Eric Egan 1 Vladivostooge A South African actor and broadcaster (1903–1967). He was the physical fitness instructor on Radio Luxembourg's Doing the Daily Dozen in 1939.[172] On the outbreak of war he returned to South Africa and joined the South African Broadcasting Corporation where he went on to become one of the country’s most popular radio announcers.[173] He is not recorded as having broadcast on the BBC other than in the first four episodes of ITMA.[174]
Tony Francis 10 Reg Raspberry A dialect expert, mimic and impressionist,[175][176] Tony Francis was born in Leicester,[177] and came from a theatrical family. He began as a boy soprano before successfully taking up impressions. He joined ITMA from the Royal Air Force through one of the BBC's regular auditions.[178] He mimicked skidding cars, trains, galloping horses and crowded pubs, but used no dialogue. According to Foster and Furst, "although his skills were considerable, they held up the pace of the show and he didn't stay for long".[156]
Dino Galvani 4–8 Signor So-So
Lionel Gamlin 1 Quizmaster
Paula Green 3–8 Singer;
Commercial traveller;
"Ever So" girl
Paula Green (6 March 6, 1917 – 4 January 2012) was a popular wartime singer who performed on radio and travelled thousands of miles from Orkney to the Middle East to perform for British troops. Before joining ITMA she toured with the Joe Loss Orchestra. She was given her own radio show towards the end of the war. Her recording of "A Nightingale Sang in Berkeley Square" was played on BBC Radio nearly half a century later for the Queen Mother's 90th birthday.[179]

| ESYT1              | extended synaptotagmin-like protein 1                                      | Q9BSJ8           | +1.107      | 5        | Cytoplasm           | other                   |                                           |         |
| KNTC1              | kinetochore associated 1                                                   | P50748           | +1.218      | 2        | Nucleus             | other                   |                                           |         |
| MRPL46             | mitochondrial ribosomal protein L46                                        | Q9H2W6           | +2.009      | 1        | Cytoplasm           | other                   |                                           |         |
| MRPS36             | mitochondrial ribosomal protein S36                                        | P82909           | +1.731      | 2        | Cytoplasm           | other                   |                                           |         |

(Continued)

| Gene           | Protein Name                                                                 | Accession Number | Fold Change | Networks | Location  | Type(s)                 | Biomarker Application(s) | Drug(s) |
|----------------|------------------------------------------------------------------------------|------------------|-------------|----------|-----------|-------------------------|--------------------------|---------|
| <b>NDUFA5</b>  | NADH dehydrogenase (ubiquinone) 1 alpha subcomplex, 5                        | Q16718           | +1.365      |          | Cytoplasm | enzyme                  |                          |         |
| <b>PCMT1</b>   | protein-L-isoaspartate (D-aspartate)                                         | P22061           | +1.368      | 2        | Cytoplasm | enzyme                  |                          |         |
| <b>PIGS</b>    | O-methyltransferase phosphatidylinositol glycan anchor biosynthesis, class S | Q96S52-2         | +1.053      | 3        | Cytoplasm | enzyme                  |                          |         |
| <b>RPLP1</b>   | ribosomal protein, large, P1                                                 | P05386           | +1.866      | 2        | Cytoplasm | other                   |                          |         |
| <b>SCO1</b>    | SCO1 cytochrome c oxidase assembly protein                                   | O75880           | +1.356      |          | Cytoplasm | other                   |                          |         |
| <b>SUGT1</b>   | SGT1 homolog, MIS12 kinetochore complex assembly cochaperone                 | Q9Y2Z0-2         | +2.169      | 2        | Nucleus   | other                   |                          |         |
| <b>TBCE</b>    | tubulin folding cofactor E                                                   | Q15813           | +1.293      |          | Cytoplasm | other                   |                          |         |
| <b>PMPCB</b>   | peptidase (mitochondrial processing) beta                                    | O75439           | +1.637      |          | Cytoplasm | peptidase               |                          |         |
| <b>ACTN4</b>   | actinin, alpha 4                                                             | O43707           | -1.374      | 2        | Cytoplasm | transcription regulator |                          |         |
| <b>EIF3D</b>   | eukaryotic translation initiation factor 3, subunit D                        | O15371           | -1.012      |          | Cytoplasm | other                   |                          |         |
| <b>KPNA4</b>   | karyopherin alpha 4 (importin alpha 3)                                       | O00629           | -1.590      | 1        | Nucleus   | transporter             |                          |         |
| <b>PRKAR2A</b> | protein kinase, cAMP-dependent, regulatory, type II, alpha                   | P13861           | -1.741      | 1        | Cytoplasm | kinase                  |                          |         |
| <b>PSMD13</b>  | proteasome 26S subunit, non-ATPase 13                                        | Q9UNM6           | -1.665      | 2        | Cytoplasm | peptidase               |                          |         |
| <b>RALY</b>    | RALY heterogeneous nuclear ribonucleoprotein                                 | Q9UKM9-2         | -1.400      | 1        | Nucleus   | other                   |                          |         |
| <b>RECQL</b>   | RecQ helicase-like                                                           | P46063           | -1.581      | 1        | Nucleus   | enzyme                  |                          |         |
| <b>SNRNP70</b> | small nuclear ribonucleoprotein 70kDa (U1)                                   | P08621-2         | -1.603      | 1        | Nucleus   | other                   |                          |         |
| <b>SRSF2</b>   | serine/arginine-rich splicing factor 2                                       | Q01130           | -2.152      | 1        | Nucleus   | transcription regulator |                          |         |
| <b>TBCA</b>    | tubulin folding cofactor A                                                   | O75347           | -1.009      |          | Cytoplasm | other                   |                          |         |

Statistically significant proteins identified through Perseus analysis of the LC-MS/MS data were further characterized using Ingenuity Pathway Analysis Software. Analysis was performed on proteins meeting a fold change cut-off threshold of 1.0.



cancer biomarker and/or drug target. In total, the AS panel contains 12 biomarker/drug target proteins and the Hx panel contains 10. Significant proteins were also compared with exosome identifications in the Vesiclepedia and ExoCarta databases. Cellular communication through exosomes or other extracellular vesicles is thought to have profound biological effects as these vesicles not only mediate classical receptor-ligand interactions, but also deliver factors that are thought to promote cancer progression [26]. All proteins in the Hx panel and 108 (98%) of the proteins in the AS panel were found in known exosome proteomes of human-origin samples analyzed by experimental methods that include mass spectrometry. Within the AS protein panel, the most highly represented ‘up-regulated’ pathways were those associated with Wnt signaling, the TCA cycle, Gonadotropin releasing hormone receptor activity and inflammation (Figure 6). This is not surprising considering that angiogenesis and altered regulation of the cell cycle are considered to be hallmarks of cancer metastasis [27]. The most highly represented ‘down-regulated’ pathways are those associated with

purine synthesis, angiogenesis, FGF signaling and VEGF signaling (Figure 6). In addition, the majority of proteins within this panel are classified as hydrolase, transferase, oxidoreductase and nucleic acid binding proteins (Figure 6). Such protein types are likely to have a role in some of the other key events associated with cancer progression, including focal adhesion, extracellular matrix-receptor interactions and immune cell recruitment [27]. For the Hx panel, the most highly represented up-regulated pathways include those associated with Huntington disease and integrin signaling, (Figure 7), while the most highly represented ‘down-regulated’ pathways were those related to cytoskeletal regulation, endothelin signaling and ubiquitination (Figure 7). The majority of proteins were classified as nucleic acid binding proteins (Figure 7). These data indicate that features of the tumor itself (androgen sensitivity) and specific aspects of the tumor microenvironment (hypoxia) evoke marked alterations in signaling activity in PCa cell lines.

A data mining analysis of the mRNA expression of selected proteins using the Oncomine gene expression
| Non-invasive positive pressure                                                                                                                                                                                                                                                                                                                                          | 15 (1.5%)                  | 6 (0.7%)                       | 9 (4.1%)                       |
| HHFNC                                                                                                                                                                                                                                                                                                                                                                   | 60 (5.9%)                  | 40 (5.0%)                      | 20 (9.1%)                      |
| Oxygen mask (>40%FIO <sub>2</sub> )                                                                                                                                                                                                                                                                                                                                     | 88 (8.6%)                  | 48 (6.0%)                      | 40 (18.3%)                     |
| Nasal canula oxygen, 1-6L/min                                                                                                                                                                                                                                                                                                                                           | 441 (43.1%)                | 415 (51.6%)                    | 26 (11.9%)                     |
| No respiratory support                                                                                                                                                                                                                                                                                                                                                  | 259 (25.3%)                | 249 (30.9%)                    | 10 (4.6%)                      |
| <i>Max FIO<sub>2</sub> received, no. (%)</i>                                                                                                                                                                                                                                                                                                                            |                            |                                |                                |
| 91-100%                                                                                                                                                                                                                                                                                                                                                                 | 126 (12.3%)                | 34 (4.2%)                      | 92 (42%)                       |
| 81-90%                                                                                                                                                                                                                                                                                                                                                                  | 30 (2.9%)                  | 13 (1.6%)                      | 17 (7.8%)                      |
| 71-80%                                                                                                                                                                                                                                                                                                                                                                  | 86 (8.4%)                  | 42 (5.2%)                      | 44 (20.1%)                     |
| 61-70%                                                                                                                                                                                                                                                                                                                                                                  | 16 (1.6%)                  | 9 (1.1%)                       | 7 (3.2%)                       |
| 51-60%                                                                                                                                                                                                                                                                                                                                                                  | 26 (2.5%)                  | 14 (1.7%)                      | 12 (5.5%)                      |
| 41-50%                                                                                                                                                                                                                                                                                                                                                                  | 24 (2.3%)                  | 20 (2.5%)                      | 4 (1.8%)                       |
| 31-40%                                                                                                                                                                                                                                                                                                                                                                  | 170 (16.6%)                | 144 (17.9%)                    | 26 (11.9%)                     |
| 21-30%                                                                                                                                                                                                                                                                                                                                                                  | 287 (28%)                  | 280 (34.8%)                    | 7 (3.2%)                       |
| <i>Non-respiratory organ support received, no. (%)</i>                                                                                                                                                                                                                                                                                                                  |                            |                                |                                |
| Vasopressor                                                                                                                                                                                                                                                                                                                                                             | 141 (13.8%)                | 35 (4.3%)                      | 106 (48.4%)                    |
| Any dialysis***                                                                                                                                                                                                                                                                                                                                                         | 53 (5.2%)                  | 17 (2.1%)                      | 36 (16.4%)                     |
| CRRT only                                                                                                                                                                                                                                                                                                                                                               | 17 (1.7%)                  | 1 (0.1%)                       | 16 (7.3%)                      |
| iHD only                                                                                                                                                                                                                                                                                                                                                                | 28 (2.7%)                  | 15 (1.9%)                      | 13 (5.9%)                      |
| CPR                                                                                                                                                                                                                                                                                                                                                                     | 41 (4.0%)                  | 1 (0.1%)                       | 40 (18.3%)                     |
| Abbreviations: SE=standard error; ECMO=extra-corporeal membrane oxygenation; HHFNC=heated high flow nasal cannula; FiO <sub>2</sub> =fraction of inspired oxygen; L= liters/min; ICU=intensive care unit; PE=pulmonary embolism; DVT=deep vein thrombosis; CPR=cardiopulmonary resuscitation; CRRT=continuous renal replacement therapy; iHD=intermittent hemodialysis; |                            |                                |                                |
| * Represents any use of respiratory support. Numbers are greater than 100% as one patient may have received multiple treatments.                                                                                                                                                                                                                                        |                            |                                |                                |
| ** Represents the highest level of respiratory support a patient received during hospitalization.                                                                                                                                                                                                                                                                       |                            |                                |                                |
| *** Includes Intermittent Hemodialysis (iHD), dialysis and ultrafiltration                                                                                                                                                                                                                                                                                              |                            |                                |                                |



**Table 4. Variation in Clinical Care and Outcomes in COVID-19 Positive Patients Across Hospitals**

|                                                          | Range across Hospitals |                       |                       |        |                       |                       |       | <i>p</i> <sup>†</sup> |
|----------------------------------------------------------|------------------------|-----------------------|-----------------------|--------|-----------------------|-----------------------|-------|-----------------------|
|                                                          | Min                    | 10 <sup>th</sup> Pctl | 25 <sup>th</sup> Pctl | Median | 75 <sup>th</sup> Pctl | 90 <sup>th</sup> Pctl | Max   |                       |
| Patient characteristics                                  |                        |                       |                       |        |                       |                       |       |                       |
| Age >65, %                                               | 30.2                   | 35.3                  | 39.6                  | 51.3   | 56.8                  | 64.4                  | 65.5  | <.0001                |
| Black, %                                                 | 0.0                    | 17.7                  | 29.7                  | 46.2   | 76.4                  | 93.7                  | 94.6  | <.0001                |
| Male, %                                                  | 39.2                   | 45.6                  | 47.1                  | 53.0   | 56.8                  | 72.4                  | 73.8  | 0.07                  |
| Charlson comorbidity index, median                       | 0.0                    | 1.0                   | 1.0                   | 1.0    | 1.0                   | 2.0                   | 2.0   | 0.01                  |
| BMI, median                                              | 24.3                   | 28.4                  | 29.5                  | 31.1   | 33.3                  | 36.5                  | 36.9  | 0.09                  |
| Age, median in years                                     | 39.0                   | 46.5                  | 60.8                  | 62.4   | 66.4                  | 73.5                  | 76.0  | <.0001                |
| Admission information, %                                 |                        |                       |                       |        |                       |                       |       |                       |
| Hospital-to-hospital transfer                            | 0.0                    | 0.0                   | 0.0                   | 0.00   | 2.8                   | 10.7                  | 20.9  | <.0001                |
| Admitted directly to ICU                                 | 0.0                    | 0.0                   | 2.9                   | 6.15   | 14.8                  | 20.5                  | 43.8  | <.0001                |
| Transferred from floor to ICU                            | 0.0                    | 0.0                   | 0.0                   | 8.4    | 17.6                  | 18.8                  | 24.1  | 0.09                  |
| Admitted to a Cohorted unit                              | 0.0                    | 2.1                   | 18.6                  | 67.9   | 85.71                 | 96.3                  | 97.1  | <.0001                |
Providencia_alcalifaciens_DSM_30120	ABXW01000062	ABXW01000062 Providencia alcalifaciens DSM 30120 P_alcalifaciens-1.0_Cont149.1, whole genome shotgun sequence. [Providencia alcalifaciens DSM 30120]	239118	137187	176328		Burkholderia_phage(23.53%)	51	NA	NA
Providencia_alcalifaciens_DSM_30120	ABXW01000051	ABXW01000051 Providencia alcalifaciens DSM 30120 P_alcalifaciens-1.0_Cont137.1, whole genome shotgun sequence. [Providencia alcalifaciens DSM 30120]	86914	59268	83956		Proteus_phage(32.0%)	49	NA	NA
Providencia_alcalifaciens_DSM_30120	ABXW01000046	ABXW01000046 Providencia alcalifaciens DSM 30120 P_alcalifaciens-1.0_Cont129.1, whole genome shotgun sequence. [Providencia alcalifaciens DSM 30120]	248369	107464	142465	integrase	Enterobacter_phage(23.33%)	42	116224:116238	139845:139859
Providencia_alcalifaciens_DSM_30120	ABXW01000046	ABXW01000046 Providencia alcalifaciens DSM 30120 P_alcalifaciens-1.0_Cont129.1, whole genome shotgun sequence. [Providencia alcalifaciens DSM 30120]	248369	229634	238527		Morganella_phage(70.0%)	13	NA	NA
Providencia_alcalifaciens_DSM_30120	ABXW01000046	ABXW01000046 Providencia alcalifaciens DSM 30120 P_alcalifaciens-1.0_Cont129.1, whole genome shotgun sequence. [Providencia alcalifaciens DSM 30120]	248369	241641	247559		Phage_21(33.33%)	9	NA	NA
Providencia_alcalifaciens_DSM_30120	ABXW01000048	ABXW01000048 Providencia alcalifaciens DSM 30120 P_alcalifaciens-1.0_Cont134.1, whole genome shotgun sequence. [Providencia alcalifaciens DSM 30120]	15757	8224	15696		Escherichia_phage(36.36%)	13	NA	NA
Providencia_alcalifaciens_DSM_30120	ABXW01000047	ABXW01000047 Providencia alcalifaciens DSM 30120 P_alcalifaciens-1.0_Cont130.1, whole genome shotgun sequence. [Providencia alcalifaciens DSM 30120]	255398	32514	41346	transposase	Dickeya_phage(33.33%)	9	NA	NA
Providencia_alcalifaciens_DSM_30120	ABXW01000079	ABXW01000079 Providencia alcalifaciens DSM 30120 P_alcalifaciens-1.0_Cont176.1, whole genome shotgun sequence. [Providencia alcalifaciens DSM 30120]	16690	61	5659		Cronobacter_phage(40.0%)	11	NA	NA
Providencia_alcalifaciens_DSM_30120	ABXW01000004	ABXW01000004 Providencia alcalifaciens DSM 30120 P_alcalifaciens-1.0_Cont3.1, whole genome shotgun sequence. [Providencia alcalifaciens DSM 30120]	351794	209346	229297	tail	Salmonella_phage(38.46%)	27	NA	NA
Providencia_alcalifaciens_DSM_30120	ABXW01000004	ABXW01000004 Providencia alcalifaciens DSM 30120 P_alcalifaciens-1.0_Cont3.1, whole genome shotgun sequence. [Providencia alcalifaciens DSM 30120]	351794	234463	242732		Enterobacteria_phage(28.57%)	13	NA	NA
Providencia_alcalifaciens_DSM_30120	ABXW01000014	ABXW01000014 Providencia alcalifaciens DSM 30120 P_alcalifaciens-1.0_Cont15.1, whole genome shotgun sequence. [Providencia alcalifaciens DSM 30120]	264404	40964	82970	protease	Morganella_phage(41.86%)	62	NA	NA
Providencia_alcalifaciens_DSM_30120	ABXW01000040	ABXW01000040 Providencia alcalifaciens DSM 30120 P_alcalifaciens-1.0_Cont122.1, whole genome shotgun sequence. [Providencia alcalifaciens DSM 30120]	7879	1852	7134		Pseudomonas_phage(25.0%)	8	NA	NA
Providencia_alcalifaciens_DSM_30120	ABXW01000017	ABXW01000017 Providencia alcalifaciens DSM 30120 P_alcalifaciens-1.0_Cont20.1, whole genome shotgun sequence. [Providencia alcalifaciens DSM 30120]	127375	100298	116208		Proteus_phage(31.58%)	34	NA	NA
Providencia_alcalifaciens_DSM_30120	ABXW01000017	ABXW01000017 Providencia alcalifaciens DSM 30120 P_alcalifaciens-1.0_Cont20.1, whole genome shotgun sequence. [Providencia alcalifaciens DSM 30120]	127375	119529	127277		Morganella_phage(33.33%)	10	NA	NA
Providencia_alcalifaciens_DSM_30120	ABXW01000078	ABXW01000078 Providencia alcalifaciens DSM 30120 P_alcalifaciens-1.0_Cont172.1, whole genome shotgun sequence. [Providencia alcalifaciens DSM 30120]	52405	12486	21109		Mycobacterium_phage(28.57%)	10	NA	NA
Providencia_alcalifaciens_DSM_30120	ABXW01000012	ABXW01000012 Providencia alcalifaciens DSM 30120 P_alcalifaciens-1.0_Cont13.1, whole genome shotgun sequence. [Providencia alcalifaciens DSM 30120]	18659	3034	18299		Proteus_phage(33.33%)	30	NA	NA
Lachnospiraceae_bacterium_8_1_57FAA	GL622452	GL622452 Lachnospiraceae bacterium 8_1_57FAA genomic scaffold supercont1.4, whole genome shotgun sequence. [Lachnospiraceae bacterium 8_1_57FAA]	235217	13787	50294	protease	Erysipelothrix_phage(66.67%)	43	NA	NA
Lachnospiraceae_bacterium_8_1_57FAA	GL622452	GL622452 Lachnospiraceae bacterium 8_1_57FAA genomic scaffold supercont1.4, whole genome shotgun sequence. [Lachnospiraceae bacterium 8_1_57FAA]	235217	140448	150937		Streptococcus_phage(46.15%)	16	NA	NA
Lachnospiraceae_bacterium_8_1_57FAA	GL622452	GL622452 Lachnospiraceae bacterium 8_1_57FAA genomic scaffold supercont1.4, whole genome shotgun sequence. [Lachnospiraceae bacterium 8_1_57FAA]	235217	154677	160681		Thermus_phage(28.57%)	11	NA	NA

Deryck Guyler 10–12 Dan Dungeon; Frisby Dyke; Percy Palaver; Sir Short Supply
Joan Harben 10–12 Mona Lott;
Upsey's owner
Joan Harben (1909–1953) was the daughter of the actress Mary Jerrold. She won a scholarship and gold medal at RADA in 1927 and took leading roles at the Old Vic and in the West End.[180] Despite her considerable theatre experience, Mona Lott in ITMA was only her second comedy role.[181]
Sam Heppner 1 Presenter of "Man Bites Dog" feature Sam Heppner (1914–1983) was a broadcaster, author, composer and lyricist.[182]
Bryan Herbert 7 Butch (Sam Scram's brother) Described in the press as "An Irishman with many voices at his command",[183] Bryan Herbert came to ITMA after working at the Abbey Theatre, Dublin, and with the spin-off company The Irish Players. He began broadcasting in 1933, joined the BBC Repertory Company in 1942 and ITMA the following year.[181]
Carleton Hobbs 9 Curly Kale; Major Mundy
Hattie Jacques 11–12 Ella Phant; Sophie Tuckshop
Lind Joyce 9–12 Singer; Banjeleo;
Pam Fairfechan (Sam's sister)